The epic cinema of today can be seen as the history painting of the past. The key difference between cinema and painting is the way in which time is utilized to read each medium. I have always been fascinated by the way time seems to be condensed within a painting. An average movie runs for ninety minutes whereas a painting is not perceived to have any linear time frame. I am intrigued by the idea of viewing a painting as a concentration of the cinematic experience, as if the whole film had been condensed into one still frame. I have approach the Raleigh paintings in this way. Using a cinematic aesthetic I have isolated one aspect of Raleigh's life into each painting. My intention is to try and show the inner workings of a true maverick spirit completely embroiled in the zeitgeist of his day. In regards to the visual style of the paintings I have paid homage to past masters (in particular Carlo Grivelli) whilst retaining a distinctive modernist sensibility by deriving the preparatory drawings from computer-aided designs.
The intention behind the picture frames was to create a synthesis of medieval and contemporary styles. Each medieval picture frame was unique to itself, they were all hand-made and usually rather intricate in their construction. For the Raleigh paintings the cabinetmaker maker, Jonathan Car-Hopkins, constructed the basic frames using American-ash and I added the carvings, also carved from American-ash. The glass inserts were made from laboratory glass backed with painted card.
The Pipe Smoker
The Elizabethans were passionate about the, newfound, craze of smoking tobacco. Although Raleigh did not, as is widely thought, introduce the wicked weed, he was instrumental in making it fashionable at court. A good example of the romantic rhetoric heaped upon tobacco at the time, can be seen in this verse by the famous madrigal composer, Thomas Weelkes:
I swear that this tobacco
It's perfect Trinidado ...
Fill the pipe once more,
My brains dance trench more
It is heady, I am giddy,
Head and brains,
Back and reins, joints and veins:
From all pains
It doth well purge and make clean.
Thomas Weelkes (1576-1623)
The pipes contained within the frame of the painting are all from the Elizabethan period.
As Sir Walter was fluent in French and an expert in defence, he was appointed to be the first navel Governor and captain of Jersey in 1600. His mission was to demolish Mount Orgueil Castle and use it's stone to construct a more defendable fortress. When Sir Walter saw the magnificent edifice, which was Mount Orgueil, he despatched a letter to his Queen recommending that it should not be demolished. Stating that "It's a Stately Fort of Great Capacity and if a small matter may defend it, it were a pity to cast it down."
He then dedicated its replacement in St Aubin's Bay to the Queen, Fort Isabella Bellisima - Elizabeth Castle. He also took this opportunity to appointed a ma^itre de chasses to ensure the protection of his hunting rights on the island. On his second visit to the island in 1602 he continued this work by setting up a court allowing local people to air their grievances. There is a famous case where Sir Walter determined the ownership of Jean Guill's cow. When he presided at a States sitting, the long talked about land register was finally set up which continues to the present day.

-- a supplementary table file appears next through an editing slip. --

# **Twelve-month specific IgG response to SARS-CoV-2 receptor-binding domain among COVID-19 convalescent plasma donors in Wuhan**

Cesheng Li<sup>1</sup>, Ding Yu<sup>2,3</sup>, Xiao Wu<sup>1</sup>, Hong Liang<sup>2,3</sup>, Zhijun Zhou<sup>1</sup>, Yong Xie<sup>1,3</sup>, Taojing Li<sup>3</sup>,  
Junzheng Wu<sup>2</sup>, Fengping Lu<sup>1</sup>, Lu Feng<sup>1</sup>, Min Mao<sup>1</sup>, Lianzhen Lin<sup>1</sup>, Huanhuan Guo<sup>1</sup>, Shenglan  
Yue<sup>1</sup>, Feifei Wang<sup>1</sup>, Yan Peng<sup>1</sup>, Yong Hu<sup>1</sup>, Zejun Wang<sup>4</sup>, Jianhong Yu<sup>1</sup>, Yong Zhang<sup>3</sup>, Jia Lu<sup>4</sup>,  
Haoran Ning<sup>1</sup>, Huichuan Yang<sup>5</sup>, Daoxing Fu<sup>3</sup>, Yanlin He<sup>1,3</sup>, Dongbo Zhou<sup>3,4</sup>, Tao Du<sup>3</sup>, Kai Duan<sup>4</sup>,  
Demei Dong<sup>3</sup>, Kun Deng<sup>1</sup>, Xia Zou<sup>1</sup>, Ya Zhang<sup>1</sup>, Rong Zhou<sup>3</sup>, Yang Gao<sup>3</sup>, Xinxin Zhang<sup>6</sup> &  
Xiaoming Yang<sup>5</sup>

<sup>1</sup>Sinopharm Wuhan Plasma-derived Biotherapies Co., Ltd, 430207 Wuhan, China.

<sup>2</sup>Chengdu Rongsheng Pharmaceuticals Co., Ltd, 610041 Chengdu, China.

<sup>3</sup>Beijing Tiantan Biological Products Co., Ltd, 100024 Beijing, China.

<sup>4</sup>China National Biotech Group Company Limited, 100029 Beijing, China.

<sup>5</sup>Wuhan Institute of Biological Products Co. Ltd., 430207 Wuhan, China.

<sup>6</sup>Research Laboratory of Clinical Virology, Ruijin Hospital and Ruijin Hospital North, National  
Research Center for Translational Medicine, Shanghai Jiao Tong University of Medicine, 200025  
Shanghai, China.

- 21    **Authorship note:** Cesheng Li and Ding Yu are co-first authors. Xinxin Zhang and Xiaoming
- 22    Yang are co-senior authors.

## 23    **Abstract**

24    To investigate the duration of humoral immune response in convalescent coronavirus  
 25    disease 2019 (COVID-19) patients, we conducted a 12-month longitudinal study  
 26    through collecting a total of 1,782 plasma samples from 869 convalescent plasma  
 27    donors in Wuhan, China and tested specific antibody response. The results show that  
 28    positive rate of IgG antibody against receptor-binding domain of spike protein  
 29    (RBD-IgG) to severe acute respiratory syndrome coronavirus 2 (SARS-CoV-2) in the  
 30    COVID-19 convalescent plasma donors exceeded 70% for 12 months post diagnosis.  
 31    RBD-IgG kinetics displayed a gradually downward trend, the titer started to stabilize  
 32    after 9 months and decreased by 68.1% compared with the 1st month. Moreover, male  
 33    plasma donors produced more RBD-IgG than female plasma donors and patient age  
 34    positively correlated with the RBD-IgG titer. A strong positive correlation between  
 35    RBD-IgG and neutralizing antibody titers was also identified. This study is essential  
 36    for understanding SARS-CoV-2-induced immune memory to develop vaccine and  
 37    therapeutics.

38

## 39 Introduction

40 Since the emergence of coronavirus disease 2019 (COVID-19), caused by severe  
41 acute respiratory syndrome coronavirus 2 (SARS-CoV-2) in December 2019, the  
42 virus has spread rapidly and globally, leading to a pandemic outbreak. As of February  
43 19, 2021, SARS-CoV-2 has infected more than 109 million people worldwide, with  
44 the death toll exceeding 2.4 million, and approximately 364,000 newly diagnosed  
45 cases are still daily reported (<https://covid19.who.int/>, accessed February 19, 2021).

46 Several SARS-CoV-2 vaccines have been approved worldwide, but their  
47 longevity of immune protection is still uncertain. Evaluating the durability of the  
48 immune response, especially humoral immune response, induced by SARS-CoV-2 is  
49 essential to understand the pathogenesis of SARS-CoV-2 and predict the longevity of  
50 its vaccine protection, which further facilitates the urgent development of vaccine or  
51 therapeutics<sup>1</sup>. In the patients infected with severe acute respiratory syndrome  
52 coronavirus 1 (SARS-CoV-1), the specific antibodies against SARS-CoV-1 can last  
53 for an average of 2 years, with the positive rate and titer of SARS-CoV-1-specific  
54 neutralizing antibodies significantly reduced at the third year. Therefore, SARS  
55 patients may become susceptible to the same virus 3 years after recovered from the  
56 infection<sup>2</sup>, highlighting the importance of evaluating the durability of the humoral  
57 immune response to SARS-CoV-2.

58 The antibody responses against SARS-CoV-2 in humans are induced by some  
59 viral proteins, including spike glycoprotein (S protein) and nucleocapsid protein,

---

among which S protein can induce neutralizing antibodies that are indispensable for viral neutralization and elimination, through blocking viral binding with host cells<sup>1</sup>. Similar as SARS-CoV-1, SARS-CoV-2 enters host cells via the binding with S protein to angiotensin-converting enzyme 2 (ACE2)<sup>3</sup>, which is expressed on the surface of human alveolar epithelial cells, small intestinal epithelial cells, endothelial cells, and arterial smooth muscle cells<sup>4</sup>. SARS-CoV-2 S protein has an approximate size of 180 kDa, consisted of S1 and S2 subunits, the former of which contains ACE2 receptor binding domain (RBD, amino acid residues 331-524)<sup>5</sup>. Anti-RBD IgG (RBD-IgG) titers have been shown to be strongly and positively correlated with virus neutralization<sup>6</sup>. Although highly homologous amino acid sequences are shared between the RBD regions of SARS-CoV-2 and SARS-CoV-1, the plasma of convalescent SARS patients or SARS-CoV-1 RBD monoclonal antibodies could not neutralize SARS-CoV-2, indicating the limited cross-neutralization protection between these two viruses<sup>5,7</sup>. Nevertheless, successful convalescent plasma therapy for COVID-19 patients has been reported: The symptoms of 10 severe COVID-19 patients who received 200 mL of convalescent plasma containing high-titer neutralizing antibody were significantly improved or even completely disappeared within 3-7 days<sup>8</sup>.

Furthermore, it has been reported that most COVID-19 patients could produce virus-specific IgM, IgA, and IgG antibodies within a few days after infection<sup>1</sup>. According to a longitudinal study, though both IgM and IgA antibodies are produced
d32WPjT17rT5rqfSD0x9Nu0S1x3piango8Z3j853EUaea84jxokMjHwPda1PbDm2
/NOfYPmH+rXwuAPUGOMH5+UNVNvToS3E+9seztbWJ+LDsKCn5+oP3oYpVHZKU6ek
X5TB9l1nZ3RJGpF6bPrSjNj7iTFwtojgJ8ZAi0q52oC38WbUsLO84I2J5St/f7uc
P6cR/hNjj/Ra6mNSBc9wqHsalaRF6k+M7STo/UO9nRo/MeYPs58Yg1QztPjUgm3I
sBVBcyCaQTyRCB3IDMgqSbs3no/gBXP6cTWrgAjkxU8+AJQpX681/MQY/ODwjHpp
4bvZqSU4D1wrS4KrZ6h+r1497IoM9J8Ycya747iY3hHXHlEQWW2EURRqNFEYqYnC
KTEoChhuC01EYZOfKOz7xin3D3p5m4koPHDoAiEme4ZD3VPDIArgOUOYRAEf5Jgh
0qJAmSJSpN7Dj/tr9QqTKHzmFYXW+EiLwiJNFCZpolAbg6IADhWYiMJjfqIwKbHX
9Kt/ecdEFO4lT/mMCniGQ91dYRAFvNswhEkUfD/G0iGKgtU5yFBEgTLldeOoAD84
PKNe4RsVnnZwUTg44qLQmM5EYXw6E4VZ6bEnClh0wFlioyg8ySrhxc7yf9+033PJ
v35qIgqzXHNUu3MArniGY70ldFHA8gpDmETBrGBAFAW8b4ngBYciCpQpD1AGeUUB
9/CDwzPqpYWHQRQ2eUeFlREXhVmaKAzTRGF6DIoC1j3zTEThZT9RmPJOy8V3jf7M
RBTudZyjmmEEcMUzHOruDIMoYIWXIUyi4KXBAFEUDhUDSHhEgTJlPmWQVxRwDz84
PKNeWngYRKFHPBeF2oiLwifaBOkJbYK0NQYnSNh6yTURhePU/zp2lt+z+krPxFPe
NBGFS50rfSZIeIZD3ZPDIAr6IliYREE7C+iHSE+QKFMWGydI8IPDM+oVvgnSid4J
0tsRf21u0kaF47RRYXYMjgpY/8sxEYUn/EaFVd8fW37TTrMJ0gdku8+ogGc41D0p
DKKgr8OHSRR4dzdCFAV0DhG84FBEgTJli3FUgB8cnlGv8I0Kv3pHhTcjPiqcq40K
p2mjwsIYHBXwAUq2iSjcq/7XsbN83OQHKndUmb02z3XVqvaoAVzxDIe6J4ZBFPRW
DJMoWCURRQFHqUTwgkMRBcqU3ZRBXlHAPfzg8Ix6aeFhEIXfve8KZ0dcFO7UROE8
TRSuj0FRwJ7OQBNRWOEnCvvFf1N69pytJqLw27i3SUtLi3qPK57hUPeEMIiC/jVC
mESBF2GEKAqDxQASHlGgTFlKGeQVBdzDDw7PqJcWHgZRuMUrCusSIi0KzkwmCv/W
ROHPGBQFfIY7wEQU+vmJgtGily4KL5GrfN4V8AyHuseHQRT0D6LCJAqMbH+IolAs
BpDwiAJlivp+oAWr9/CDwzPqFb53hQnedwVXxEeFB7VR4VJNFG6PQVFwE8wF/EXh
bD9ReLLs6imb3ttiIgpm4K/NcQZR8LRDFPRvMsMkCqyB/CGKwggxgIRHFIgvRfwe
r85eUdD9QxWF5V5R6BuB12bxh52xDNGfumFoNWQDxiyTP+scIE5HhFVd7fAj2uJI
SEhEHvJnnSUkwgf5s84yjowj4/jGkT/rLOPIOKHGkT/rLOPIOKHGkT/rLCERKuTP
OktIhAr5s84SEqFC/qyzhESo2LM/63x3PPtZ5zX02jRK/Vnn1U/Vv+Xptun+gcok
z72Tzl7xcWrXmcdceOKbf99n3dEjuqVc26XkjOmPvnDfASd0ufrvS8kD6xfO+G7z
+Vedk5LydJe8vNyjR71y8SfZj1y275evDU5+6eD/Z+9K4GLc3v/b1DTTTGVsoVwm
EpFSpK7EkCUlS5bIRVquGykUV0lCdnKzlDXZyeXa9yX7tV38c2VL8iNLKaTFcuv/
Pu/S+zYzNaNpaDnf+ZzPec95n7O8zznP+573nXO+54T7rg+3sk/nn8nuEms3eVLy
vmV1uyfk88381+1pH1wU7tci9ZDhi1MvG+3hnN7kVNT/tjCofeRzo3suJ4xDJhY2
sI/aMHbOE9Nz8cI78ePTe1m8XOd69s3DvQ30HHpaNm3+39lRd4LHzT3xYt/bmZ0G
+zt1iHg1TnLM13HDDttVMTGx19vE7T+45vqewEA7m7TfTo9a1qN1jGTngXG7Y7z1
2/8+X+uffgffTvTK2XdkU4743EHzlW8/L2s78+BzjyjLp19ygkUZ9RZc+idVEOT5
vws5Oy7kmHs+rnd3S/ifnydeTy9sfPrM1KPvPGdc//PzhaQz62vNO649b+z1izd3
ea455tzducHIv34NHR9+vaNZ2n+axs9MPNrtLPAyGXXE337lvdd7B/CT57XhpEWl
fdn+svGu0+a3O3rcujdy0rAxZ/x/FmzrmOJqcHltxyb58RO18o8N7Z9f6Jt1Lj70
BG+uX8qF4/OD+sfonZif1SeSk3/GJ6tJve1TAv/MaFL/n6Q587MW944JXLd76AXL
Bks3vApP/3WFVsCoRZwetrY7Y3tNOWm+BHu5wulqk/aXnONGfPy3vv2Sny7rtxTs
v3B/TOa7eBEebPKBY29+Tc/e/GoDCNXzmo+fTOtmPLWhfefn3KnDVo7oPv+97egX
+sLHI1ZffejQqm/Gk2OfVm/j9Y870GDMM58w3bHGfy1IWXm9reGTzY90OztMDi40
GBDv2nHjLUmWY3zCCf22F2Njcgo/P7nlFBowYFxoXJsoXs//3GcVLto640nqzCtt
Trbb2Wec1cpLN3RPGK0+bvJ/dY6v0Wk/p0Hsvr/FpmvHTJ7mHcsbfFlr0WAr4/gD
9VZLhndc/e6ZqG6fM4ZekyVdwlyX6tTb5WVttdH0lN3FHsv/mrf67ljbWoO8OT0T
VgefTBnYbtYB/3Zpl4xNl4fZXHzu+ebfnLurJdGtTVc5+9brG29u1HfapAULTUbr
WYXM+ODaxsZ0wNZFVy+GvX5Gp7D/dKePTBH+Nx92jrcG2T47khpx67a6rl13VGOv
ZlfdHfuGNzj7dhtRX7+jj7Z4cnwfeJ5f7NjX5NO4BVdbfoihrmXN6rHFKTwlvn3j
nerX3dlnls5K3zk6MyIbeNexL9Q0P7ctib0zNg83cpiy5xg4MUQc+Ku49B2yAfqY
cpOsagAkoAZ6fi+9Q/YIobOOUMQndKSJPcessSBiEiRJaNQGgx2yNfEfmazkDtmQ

In the Court of the Fairy Queen
The Elizabethans had a great love of verse; they produced some of the finest poets ever to grace this earth. William Shakespeare and Christopher Marlow being only the tip of the iceberg. Everyone at Elizabeth's court was expected to be eloquent in his or her use of language. Their culture was charged by the use of verse and playful language and their visual art was full of metaphorical references. Raleigh himself was considered to be a fine poet and a number of his works still exist today. In 1589 Raleigh befriended Sir Edmund Spenser and sponsored the completion of his masterpiece the epic tone poem "The Fairy Queen."
The Quest for El Dorado
In 1595 Sir Walter Raleigh set off on a supreme, Don Quixote-esq, quest up the Orinoco River in search of the fabled golden city of El Dorado. Described by Raleigh as "A fairy city, built by giants, from gold and silver, on a lake with a thousand bridges in the depths of an as yet impenetrable jungle". He went to Guiana in South America in his search for the fabled city. Unfortunately, like most romantic quests, he did not find it. The phrase "between the devil and the deep blue sea" comes to mind when trying to comprehend the mindset of the gung-ho seafarers of this period. It has to be remembered that when Raleigh undertook his expeditions more than three-quarters of the world-map were summed up by the phrase "beyond this point only sea monsters and devils lurk."
In the Tower
When Queen Elizabeth the First died, Raleigh was accused of plotting against the new King, James the sixth of Scotland the first of England, and was imprisoned in the tower of London. When there he entertained many foreign dignitaries, all-keen to meet the last great Elizabethan gentlemen. He also became the tutor of the heir to the throne, Prince Henry, much to the displeasure of the King. He had apartments built and past his time experimenting in chemistry and wrote numerous pamphlets and books, the most famous being "The History of the world" After spending thirteen years in the tower he was released to lead an expedition back to South America in search of gold to replenish the King's coffers.